Novice’s Guide to AVR Development Basic AVR Knowledge

Novice’s Guide to AVR Development Basic AVR Knowledge
A T M E L
A P P L I C A T I O N S
J O U R N A L
Novice’s Guide to AVR
Development
An Introduction
intended for
people with no
prior AVR
knowledge.
By Arild Rødland,
AVRFreaks
Starting with a new µC
architecture can be quite
fustrating. The most difficult task seems to be
how to get the information and documentation
to get the first AVR program up running.
This tutorial assumes
that you do not yet own
any AVR devices or AVR
development tools. It
also assumes that you
have no prior knowledge
of the AVR architecture
or instruction set. All you
need to complete this
tutorial is a computer
running some flavour of
the Windows operating
system, and an internet
connection to download
documents and files.
Preparing your PC for AVR Development
Basic AVR Knowledge
Let's make an easy start, and download the files that we will need later on.
First you should download the files to have them readily available when you
need them. This could take some time depending on your internet connection.
The AVR Microcontroller family is a modern architecture, with all the bells and
whistles associated with such. When you get the hang of the basic concepts
the fun of exploring all these features begins. For now we will stick with the
"Bare Bone" AVR basics.
Download these files to a temporary folder on your computer. ( e.g. C:\Temp ):
AVR STUDIO 4
(~15MB)
This file contains the AVR Studio 4 Program. This
program is a complete development suite, and
contains an editor and a simulator that we will
use to write our code, and then see how it will
run on an AVR device.
Assembly Sample Code This file contains the Assembly Sample code
you will need to complete this guide.
(~1kB)
AT90S8515 Datasheet This is the Datasheet for the AT90S8515 AVR
Microcontroller. This is a convenient "Getting
(~4MB)
Started" device. For now you don't have to worry
about the different types of AVR micros. You'll see
that they are very much alike, and if you learn
how to use one (eg. 8515), you will be able to
use any other AVR without any problems.
Instruction Set Manual This is the Instruction Set Manual. This document
is very useful if you want detailed information
(~2MB)
The difference between these devices lies in the available features. The
tinyAVR µC are usually devices with lower pin-count or reduced feature set
compared to the megaAVR's . All AVR devices have the same instruction set
and memory organization, so migrating from one device to another AVR is
easy.
Some AVR's contain SRAM, EEPROM, External SRAM interface, Analog to
Digital Converters, Hardware Multiplier, UART, USART and the list goes on.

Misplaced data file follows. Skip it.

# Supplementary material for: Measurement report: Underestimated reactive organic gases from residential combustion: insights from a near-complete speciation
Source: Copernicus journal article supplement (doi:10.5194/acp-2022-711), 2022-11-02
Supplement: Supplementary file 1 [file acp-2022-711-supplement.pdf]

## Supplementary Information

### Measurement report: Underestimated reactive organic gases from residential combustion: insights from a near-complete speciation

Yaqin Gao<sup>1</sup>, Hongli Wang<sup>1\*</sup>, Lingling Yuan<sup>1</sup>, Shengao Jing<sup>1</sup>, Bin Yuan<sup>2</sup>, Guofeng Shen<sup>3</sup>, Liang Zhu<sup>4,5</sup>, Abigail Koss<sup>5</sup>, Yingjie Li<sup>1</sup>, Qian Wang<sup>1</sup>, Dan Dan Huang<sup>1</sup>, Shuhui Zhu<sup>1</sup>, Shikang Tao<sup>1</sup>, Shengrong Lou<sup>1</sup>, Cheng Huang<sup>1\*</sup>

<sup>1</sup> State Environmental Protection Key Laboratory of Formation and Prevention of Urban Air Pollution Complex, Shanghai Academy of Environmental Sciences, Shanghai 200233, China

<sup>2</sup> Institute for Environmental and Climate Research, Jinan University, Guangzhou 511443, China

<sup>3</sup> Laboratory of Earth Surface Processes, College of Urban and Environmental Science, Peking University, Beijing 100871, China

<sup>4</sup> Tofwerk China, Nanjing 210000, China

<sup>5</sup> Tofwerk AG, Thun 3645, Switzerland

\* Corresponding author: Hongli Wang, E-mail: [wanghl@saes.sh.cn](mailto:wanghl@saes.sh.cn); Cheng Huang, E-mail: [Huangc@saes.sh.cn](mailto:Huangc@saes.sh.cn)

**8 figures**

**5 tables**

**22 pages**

If you take a tinyAVR and a megaAVR and strip off all the peripheral modules mentioned above, you will be left with the AVR Core. This Core is the
same for all AVR devices. (Think of Hamburgers: They all contain the same slab
of meat, the difference is the additional styling in the form of tripled-cheese
and pickles :)
about a specific instruction.
When you have downloaded the files, it is time to install the software you
need.
Step 2. Installing AVR Studio 4
AVR Studio is also available in a version 3. We will use AVR Studio 4 since this
is the version that will eventually replace version 3.
Important note for people using Windows NT/2000/XP:
You must be logged in with administrator rights to be able to successfully
install AVR Studio. The reason is that these Windows systems have restrictions
regarding who can install new device drivers!
Installation:
1) Double click on the AVRSTUDIO.EXE file you downloaded. This file is a self
extracting file, and will ask where you want to extract the files. The default
path points to your "default" temp folder, and could be quite well "hidden" on
your hard disk, so make sure to read and remember this path, or enter a new
path to where you want the files placed (e.g. c:\temp )
2) Once all the files are extracted, open the temp folder, and double click on
the SETUP.EXE file. Just follow the installation, and use the default install path.
NB: You can use another path, but this tutorial assumes that you install it to
the default path.
That's it. Now you have installed all the software you'll need to write code and
run programs for all available AVR devices! Keep the Datasheet and Instruction
set Manual in a place you remember.
www.atmel.com
The 3 different Flavors of AVR
The AVR microcontrollers are divided into three groups:
• tinyAVR
• AVR (Classic AVR)
• megaAVR
page 6
Selecting the "correct" AVR
The morale is that the tinyAVR, AVR (Classic AVR) and megaAVR does not really reflect performance, but is more an indication of the "complexity" of the
device: Lot's of features = megaAVR, reduced feature set = tinyAVR . The "AVR